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By Jonathan Bales

Cowboys Film Study- Second Down Play Calls

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Jason Garrett's second down play calls were very predictable.

In our first statistical analysis of Jason Garrett’s play-calling, we noticed that he was tipping plays via the formation.

As we studied the Cowboys’ game film this offseason, we also noticed a play-calling trend on 2nd down. On the majority of 2nd down plays, it appeared as though Jason Garrett called a run if the team passed on 1st down, and vice versa.

We looked into our stat database and the results are shown to the right.

As you can see, our hunches were correct. Other than on 2nd and 1 or 2, the Cowboys ran significantly more after calling a pass on 1st down. There were actually only 12 plays called on 2nd down and 1 or 2 after a 1st down pass, so that sample size is probably too small to make significant conclusions.

In the other scenarios, though, the sample size is plenty big enough to conclude that Garrett was tipping plays via the down and distance. On 2nd and 3 to 7, for example, Garrett dialed up a run on only 23 of the 78 (29.5 percent) plays that followed a 1st down run. After 1st down passes, though, the Cowboys ran on 2nd down on 26 of 34 plays (76.5 percent). Thus, Dallas was 2.95 times more likely to run on 2nd and 3 to 7 after a 1st down pass than after a 1st down run.

On 3rd and 8 to 10, that trend, surprisingly, did not get much better. The team ran on only 10 of 50 plays (20.0 percent) in these scenarios following a 1st down run. After passes, Garrett called a run on 32 of 58 2nd down plays (55.2 percent), meaning the team was 2.76 times more likely to run on 2nd and 8 to 10 after a pass than a run.

On 2nd and 11 or more, the team was still 2.33 times more likely to run after a 1st down pass than after a run. Obviously Garrett did some things right in the past few years, but this sort of predictability is unacceptable. Perhaps the offense’s success in recent years is not because of Garrett, but in spite of him.

Jason Garrett's predictability must change for Dallas to reach their offensive potential.

If we are obtaining these numbers and noticing these trends, you can bet opposing defensive coordinators are aware of them. Imagine if the Cowboys passed for five yards on 1st down and lined up in Double Tight Right Strong Right on 2nd and 5. The defensive coordinator could be all but sure that the Cowboys would run up the middle.

So why is Garrett so predictable in these situations? Our hypothesis is that, ironically, he is trying to be unpredictable. In an effort to seem “random” in his play-calling, Garrett is “mixing it up.” True randomness, though, means each event is independent of the previous one. What is the chance that a flipped coin will come up heads after it came up heads six straight times prior? Still 50 percent, because the previous events have no bearing on future ones.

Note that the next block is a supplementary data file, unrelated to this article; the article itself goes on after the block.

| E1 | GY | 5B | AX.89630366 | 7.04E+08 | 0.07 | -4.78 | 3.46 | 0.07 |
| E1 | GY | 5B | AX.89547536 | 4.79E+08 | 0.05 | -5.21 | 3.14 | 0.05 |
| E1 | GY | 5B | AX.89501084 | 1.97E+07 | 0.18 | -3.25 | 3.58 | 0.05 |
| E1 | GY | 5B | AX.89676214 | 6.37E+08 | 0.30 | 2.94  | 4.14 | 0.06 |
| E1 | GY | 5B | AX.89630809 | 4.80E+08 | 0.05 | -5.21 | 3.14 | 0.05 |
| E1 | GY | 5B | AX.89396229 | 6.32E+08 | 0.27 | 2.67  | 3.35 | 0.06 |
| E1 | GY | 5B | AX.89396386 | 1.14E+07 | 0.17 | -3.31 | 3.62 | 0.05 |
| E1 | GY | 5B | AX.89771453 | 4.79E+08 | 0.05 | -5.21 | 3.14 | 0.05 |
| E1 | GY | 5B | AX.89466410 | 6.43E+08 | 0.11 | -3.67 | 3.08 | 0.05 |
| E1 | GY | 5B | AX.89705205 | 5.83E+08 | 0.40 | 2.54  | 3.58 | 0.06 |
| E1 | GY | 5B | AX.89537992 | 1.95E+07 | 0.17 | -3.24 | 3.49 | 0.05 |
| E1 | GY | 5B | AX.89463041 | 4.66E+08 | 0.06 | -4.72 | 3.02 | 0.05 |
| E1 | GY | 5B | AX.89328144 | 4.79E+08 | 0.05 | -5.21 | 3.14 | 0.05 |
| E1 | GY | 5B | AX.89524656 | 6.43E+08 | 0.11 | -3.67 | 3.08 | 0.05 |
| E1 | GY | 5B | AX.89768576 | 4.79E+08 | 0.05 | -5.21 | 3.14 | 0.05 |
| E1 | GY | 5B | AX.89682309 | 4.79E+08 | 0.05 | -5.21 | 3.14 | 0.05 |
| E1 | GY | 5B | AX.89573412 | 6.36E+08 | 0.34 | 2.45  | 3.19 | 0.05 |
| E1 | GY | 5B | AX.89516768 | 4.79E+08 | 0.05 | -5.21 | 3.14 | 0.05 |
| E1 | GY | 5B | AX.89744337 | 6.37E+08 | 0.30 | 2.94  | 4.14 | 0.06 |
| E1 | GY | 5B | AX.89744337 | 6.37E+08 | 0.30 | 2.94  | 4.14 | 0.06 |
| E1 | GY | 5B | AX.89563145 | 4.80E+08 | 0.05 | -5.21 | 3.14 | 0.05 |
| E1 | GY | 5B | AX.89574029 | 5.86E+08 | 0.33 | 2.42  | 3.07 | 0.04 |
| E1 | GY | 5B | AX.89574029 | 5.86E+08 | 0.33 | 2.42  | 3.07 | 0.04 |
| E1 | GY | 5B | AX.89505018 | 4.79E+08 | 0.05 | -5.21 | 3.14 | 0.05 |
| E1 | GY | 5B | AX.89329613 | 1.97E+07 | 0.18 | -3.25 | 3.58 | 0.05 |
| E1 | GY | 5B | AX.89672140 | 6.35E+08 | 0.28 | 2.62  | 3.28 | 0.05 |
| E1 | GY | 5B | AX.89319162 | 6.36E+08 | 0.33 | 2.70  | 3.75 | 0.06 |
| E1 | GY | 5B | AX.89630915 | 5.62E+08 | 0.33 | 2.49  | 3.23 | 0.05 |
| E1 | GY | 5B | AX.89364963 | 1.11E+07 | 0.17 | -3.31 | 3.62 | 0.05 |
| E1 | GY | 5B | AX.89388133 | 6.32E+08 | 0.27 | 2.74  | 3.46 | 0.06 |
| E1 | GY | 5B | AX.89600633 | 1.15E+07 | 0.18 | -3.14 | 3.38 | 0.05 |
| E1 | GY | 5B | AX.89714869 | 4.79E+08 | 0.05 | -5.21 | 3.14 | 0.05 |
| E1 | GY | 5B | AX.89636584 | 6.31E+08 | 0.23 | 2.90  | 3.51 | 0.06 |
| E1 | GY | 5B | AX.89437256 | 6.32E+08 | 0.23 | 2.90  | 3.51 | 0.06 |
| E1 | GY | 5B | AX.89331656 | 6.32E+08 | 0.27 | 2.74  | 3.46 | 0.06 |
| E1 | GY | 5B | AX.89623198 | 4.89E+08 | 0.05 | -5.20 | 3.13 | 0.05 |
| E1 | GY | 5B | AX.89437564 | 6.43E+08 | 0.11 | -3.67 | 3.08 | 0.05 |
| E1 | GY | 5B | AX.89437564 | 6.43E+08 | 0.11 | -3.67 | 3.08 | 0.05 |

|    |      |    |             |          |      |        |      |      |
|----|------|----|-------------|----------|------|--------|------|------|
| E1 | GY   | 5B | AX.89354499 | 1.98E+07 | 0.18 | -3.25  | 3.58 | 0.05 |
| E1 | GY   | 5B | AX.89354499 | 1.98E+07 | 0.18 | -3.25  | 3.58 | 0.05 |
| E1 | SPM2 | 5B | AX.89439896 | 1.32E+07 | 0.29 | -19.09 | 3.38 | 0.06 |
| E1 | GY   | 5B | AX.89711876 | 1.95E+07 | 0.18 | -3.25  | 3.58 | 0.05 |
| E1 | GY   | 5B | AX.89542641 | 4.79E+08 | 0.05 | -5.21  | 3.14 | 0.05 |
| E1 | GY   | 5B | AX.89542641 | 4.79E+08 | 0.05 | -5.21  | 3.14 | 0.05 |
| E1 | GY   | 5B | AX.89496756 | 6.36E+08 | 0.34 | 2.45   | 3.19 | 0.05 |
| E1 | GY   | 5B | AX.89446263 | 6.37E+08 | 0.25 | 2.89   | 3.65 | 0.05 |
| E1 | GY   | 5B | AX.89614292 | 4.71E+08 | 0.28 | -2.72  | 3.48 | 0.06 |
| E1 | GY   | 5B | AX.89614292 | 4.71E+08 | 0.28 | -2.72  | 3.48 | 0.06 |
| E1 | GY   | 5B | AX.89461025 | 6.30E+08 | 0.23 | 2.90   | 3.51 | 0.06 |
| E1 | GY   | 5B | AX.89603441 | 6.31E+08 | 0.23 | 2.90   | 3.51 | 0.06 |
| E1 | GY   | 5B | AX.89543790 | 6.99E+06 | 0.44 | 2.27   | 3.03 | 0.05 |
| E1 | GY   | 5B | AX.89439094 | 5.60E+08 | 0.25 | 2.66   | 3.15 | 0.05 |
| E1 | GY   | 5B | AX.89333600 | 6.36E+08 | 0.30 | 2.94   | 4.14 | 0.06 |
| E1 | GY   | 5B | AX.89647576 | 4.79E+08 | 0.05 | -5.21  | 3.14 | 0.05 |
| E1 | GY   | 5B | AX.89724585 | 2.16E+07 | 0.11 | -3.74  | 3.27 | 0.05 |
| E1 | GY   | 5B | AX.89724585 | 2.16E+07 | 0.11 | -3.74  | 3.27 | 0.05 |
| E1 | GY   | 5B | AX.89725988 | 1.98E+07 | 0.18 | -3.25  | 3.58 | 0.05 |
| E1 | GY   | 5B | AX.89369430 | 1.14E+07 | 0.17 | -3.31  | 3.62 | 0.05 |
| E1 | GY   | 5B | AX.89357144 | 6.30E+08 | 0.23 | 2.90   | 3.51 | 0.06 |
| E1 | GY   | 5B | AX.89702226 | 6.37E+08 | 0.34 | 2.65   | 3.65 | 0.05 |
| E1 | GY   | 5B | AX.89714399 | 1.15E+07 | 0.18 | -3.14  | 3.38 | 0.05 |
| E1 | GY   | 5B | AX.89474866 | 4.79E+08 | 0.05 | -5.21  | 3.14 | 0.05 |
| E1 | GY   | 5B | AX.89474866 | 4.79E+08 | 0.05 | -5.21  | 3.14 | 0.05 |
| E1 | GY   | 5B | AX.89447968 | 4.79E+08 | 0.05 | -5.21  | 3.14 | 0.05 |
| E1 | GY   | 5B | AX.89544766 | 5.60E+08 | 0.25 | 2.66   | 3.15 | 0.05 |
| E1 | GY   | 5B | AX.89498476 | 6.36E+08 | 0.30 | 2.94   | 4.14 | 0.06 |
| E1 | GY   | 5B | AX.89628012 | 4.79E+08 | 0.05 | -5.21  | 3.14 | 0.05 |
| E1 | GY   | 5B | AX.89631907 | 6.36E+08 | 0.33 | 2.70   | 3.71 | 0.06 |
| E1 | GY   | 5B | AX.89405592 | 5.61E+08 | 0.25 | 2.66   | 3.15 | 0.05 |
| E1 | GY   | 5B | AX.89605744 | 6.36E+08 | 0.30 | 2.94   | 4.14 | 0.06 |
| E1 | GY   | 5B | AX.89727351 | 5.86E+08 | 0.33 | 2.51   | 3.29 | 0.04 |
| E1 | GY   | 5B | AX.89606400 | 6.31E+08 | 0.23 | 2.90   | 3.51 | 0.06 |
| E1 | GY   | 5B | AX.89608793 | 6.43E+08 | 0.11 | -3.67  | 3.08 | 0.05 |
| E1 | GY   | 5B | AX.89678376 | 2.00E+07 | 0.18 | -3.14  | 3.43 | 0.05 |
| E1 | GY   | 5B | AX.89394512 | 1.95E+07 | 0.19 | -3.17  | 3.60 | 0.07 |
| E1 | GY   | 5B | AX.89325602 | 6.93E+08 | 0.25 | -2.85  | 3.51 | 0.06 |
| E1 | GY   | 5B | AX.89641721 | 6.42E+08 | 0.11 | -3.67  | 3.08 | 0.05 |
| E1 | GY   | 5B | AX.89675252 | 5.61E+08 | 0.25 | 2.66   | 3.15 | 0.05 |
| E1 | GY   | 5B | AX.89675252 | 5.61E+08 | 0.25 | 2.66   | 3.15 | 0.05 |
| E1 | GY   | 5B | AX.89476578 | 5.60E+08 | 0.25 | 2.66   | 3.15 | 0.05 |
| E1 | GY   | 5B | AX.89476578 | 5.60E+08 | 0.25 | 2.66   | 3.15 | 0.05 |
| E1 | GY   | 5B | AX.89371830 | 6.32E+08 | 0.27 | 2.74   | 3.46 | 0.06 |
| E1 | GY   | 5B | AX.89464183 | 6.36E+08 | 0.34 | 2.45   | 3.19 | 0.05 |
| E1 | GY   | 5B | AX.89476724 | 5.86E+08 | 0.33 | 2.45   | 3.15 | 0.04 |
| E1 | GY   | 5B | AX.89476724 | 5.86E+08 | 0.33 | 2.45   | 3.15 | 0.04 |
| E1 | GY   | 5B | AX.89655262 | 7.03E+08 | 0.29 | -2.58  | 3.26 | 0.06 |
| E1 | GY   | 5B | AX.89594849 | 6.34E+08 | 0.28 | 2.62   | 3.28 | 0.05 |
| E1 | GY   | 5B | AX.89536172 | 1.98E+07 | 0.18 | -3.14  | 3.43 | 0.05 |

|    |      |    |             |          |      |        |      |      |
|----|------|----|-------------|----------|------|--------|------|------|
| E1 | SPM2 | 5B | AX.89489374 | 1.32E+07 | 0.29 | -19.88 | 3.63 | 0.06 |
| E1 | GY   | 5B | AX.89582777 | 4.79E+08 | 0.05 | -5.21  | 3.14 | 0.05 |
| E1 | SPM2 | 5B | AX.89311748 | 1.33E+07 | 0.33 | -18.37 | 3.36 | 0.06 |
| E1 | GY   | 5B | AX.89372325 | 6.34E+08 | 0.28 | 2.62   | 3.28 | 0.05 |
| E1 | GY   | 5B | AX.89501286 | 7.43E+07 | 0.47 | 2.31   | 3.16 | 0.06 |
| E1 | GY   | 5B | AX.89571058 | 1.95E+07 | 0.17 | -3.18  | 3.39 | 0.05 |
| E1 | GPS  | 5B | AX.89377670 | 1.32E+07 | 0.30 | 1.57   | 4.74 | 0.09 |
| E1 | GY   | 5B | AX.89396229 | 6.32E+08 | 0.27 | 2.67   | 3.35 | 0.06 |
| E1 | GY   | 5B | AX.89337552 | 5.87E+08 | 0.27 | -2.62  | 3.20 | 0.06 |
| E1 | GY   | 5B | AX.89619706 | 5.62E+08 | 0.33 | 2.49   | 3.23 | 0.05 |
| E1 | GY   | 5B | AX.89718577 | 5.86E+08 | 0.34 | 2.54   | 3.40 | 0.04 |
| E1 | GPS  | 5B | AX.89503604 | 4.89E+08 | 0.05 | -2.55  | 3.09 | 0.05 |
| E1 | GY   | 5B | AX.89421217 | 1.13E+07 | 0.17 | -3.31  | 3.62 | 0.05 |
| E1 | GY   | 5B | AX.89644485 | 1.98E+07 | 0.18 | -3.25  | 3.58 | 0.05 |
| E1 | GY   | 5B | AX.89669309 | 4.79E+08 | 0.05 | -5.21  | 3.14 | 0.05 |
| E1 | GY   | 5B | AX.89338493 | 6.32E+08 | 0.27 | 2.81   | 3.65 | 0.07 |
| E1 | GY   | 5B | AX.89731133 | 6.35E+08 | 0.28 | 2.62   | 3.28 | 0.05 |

While previous football plays do have an impact on future ones (a team is more likely to pass on 2nd down after a sack than a nine yard rush), if Garrett wants to become unpredictable, he must not allow the previous play call affect the current one. In situations such as 2nd and 3 to 7 when a team is probably about as likely to pass as it is to run, Garrett is particularly predictable. He thinks he is “mixing it up” by calling a play that is the opposite of the previous one, but in doing so, he is actually dissolving any chance of randomness for which he is shooting.

In fairness to Garrett, he is not the only offensive coordinator that suffers from this delusion. Studies have proven that it is impossible for human beings to produce a truly random sequence. We naturally assume that rather long strings of the same occurrence are unlikely in a random sequence, when in fact they are to be expected.

For example, which series of five coin flips is more likely: “heads, heads, heads, heads, heads” or “tails, heads, heads, tails, tails”? The answer is that they are both equally likely, yet this doesn’t seem to mesh well with common sense because of our notions of causation.

It is nearly impossible for humans to separate previous events from current ones, a task that is imperative to create randomness. Thus, almost paradoxically, for play-calling to be as random as is humanly possible, the play-caller would have to try to forget about being random. He would have to implement an almost “non-aware awareness,” meaning he has to be aware of natural human tendencies concerning randomness without letting this awareness adversely affect his own ability to randomly call plays. This is evidenced by the fact that it is Garrett’s attempt to call plays randomly that is hindering his ability to do so.

We doubt many offensive coordinators take this approach when calling plays. Still, the failures of other coordinators do not justify those of Jason Garrett. If the Cowboys want to maximize the productivity of their potentially explosive offense, Garrett is the first person that needs to change. Unfortunately, if his play-calling does not become less predictable, neither will the team’s fate in the playoffs.

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3 Responses to Cowboys Film Study- Second Down Play Calls

  1. Pingback: Cowboys Film Study: 2nd Down Play-Calling Revisited « DallasCowboysTimes

  2. Pingback: Week 13 Cowboys Mailbag: Stopping Peyton Manning & Garrett's 2nd Down Play-Calls | Dallas Cowboys Times

  3. Pingback: Jason Garrett’s Second-Down Play-Calling | The DC Times

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